A nursery grows in the Great South Bay — and the young have several rows of teeth!

Fifteen juvenile sand tiger sharks have been tagged and tracked there in the past four years, making the bay a nursery ground for a protected species whose numbers have fallen worldwide, according to the Brooklyn-based New York Aquarium, which is heading the research. Ten were caught this year, and the five tagged in previous seasons have returned to the same section of the bay, a behavior known as “site fidelity,” scientists said.

The feeding and growing ground is exciting for Long Island’s marine biologists because the species has been overfished and hurt by being caught up in trawls and nets. Their presence in the nursery means they’re finding food in the bay, such as bluefish and bass, and protection against predators, including other sharks and people, experts said.

“If they’re doing well, then you know the whole system is doing well,” said marine biologist Joe Yaiullo, who founded the Long Island Aquarium in Riverhead, which has four sand tiger sharks. “It provides even more emphasis to protect those areas.”

The sand tiger shark is common in waters off Long Island but there are not a lot of them, he said. They are light brown, sometimes with darker red or brown spots, and reach lengths up to more than 10 feet. Yaiullo said boaters and fishers often mistake them for the more common sand shark and smooth dogfish shark.

No one knows how many sand tiger sharks feed or roam off Long Island, but the New York Aquarium’s research was considered a turning point in quantifying the state of health for this species. According to researchers there, only a handful of sand tiger shark nurseries have been identified, including one off Massachusetts.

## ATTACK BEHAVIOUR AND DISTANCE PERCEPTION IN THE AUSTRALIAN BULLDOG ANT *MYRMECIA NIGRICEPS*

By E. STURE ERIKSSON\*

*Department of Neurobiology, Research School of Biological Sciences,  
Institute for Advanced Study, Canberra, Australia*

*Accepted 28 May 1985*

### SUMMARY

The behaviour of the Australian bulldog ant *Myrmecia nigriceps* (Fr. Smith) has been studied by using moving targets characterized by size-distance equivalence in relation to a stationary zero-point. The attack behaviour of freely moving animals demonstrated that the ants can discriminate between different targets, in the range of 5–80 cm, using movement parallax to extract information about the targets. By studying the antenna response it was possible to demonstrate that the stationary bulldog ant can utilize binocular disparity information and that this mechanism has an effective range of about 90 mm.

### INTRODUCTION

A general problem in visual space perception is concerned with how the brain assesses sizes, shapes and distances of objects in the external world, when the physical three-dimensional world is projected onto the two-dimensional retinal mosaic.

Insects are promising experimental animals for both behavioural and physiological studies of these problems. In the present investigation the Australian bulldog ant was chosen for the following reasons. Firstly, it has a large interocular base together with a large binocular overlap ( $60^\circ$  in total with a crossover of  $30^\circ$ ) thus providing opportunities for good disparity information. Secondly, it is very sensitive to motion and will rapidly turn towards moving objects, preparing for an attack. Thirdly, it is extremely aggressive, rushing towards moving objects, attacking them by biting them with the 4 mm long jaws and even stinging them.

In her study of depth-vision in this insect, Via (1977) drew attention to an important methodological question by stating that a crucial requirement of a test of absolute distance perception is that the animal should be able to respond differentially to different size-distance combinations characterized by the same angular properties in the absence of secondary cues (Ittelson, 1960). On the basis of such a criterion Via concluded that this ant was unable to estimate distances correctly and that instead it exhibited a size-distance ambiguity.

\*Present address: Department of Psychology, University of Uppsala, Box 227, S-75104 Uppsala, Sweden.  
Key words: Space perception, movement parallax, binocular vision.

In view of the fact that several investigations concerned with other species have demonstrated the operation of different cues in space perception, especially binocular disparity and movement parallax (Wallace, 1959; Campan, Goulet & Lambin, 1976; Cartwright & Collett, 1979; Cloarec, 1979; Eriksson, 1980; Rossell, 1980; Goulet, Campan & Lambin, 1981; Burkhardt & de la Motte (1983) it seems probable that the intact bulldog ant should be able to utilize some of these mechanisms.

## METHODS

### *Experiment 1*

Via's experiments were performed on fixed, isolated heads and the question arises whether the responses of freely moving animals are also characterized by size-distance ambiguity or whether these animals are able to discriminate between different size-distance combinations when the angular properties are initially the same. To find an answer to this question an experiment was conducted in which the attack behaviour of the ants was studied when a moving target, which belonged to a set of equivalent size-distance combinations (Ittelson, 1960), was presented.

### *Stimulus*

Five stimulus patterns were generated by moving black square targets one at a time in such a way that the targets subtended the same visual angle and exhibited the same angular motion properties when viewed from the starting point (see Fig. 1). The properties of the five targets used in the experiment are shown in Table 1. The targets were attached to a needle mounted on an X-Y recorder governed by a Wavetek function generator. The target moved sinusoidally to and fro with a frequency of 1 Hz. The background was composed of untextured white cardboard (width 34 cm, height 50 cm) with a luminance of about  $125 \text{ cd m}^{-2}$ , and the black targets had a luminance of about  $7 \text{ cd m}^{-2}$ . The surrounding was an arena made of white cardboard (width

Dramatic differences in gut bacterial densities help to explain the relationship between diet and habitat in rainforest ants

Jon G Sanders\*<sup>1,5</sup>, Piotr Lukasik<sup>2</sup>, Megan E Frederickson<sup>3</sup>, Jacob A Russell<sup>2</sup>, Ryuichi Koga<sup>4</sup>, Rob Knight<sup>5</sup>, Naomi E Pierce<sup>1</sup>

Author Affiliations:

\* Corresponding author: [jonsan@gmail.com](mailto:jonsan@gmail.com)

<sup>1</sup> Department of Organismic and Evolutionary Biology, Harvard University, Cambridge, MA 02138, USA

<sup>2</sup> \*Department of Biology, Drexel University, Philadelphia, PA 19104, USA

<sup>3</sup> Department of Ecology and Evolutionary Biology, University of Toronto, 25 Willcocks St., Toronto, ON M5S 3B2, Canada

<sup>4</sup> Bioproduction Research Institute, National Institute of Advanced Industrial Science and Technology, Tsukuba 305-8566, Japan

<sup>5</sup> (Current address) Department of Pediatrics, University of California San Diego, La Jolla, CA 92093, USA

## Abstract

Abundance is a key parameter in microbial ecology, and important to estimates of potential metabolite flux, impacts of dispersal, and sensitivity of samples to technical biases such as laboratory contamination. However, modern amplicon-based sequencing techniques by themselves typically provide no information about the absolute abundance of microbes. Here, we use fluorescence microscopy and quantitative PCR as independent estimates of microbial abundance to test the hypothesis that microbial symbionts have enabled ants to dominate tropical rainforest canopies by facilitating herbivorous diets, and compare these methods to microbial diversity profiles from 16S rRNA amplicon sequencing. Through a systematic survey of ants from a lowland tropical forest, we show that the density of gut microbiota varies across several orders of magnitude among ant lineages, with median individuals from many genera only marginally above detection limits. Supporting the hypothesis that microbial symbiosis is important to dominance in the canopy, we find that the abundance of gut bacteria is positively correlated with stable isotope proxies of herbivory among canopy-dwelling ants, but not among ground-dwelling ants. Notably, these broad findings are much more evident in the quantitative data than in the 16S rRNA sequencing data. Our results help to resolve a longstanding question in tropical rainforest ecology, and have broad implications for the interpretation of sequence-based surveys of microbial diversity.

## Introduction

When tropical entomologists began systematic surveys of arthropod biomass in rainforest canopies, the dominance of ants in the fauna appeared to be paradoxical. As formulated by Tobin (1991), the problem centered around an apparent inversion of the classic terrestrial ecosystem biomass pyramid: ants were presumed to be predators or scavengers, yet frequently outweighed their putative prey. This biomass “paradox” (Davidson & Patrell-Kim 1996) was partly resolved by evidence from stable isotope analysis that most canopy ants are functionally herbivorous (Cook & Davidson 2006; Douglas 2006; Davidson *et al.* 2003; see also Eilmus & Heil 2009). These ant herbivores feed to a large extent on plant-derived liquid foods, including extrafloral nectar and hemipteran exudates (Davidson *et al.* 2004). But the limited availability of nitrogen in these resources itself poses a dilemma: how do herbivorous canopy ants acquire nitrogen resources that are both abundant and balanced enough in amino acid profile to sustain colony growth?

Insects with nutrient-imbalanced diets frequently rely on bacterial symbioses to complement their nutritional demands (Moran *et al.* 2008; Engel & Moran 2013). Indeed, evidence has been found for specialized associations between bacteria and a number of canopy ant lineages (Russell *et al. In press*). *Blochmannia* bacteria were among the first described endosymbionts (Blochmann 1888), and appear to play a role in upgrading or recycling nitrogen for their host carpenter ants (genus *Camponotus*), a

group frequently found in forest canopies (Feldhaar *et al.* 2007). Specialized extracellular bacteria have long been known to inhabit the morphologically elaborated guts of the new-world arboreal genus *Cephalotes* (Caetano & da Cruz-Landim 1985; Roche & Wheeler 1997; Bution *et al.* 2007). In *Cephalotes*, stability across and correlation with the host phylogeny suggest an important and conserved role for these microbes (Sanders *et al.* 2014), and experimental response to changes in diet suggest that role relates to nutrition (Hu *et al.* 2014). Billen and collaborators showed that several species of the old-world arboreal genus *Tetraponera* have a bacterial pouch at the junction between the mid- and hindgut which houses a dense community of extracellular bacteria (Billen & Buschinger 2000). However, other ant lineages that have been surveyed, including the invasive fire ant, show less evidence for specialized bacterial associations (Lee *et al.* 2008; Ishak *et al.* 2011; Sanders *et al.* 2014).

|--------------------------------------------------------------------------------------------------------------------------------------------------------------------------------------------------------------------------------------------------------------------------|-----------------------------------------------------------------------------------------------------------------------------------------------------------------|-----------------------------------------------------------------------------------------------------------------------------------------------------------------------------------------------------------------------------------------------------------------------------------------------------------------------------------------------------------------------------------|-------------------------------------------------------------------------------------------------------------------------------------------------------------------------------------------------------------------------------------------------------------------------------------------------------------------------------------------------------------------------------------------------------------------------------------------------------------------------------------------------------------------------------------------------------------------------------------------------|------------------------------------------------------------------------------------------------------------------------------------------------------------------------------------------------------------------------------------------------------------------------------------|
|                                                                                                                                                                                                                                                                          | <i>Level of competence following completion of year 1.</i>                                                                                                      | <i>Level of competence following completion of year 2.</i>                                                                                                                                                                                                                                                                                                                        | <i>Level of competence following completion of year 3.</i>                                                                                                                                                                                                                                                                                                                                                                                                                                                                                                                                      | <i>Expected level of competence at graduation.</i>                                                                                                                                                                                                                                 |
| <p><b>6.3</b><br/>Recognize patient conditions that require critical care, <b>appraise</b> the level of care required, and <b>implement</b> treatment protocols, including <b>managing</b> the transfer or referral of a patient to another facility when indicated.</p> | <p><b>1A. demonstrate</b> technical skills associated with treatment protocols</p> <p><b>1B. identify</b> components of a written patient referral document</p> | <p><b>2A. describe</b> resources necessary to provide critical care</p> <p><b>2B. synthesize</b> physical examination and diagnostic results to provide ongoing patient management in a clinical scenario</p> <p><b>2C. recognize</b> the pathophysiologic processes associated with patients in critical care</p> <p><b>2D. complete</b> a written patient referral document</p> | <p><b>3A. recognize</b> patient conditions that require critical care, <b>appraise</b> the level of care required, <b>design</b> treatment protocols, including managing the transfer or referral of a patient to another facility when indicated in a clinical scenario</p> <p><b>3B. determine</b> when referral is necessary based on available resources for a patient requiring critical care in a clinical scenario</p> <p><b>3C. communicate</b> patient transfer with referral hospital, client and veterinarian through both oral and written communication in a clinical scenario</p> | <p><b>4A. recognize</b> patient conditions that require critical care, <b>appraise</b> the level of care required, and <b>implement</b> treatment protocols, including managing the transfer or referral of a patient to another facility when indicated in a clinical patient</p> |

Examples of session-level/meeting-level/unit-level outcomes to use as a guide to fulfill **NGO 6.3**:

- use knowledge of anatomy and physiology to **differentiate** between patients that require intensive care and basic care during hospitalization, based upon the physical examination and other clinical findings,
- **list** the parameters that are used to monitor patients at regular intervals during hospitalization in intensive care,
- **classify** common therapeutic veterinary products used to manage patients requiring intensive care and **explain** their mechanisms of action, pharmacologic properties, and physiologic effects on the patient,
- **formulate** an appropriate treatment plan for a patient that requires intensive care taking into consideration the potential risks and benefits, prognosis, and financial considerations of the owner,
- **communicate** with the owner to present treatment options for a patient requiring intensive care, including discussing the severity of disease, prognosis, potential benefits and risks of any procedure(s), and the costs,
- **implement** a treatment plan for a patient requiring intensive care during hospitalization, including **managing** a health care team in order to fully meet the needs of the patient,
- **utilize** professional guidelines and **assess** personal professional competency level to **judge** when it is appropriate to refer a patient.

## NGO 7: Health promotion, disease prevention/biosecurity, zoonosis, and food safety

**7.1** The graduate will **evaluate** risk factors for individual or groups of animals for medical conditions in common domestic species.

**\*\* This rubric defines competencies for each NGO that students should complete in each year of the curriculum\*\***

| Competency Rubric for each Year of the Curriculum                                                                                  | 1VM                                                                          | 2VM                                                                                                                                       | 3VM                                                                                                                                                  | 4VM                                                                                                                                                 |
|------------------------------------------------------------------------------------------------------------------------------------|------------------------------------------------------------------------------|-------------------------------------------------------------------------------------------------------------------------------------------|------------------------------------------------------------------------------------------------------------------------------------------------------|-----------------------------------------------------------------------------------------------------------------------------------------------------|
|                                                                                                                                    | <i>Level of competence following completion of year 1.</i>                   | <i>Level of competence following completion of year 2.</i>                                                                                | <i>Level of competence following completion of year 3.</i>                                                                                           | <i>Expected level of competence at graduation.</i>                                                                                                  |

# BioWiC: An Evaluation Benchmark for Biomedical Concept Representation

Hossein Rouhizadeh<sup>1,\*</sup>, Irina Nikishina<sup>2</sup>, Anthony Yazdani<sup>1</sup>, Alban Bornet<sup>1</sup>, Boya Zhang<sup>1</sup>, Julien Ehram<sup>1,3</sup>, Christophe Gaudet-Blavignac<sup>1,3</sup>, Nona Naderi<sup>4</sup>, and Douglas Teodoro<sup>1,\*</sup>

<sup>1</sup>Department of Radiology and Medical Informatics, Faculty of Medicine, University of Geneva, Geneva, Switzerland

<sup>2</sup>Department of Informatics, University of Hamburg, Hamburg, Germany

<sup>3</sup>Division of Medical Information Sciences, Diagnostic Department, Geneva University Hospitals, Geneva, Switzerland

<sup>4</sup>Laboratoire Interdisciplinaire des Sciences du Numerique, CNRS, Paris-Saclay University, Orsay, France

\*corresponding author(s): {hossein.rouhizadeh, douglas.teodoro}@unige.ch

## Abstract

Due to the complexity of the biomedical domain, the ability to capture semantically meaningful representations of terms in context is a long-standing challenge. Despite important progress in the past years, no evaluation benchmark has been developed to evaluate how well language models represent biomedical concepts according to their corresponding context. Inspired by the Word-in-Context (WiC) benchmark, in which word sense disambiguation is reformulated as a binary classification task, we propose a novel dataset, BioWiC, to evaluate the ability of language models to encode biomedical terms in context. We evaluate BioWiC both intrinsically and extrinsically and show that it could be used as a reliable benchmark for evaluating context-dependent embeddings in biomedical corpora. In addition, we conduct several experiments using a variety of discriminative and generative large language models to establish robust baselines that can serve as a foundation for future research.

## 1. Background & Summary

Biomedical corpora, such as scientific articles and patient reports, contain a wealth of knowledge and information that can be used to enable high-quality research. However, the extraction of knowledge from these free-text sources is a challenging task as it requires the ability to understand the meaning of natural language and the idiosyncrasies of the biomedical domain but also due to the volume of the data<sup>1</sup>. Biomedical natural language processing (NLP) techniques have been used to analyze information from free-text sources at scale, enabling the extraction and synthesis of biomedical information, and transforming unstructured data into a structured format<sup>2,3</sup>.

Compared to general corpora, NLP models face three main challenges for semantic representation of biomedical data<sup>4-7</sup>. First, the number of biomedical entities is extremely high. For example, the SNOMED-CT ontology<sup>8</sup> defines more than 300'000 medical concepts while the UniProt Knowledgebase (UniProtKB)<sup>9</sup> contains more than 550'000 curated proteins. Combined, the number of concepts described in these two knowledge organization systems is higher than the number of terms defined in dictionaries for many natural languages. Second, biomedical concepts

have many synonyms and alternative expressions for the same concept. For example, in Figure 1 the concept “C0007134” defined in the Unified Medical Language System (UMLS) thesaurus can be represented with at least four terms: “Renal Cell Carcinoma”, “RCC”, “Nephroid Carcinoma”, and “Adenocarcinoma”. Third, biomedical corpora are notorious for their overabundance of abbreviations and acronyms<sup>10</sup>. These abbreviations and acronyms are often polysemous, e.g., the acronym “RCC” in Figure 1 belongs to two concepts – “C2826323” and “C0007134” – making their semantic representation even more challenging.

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The New York Aquarium began tracking sand tiger sharks in the bay in 2011 after one of its scientists got a photo of a dead juvenile sand tiger shark from a marina along the bay. Scientists then started the tagging study using acoustic transmitters in Great South Bay. The sand tiger sharks they caught and then released were several months old to 5 years old, aquarium officials said.

“Sand tiger shark pups are not born here but migrate from down south to spend the summers as juveniles in New York’s coastal waters,” Merry Camhi, director of local marine conservation for the Wildlife Conservation Society, which runs the New York Aquarium, said in a news release. “The acoustically tagged animals in our study will help us better understand where the sharks go, their habitat needs, and how we can better protect them.”

Aquarium officials say there are many questions about the nursery. They don’t know how much of the bay is being used by sand tiger sharks. They want to find out how many juveniles spend their summers there and more about what they eat.

The sand tiger shark is considered a “species of concern” by the National Marine Fisheries Service and “critically endangered” in other parts of the world. They have been overfished as food and for their fins. Mating occurs every other year, with one or two pups in an average litter, the federal agency said, and sharks grow slowly. As a further hit to their numbers, sand tigers are inadvertently caught in fishing trawls, gillnets and longlines, the service said.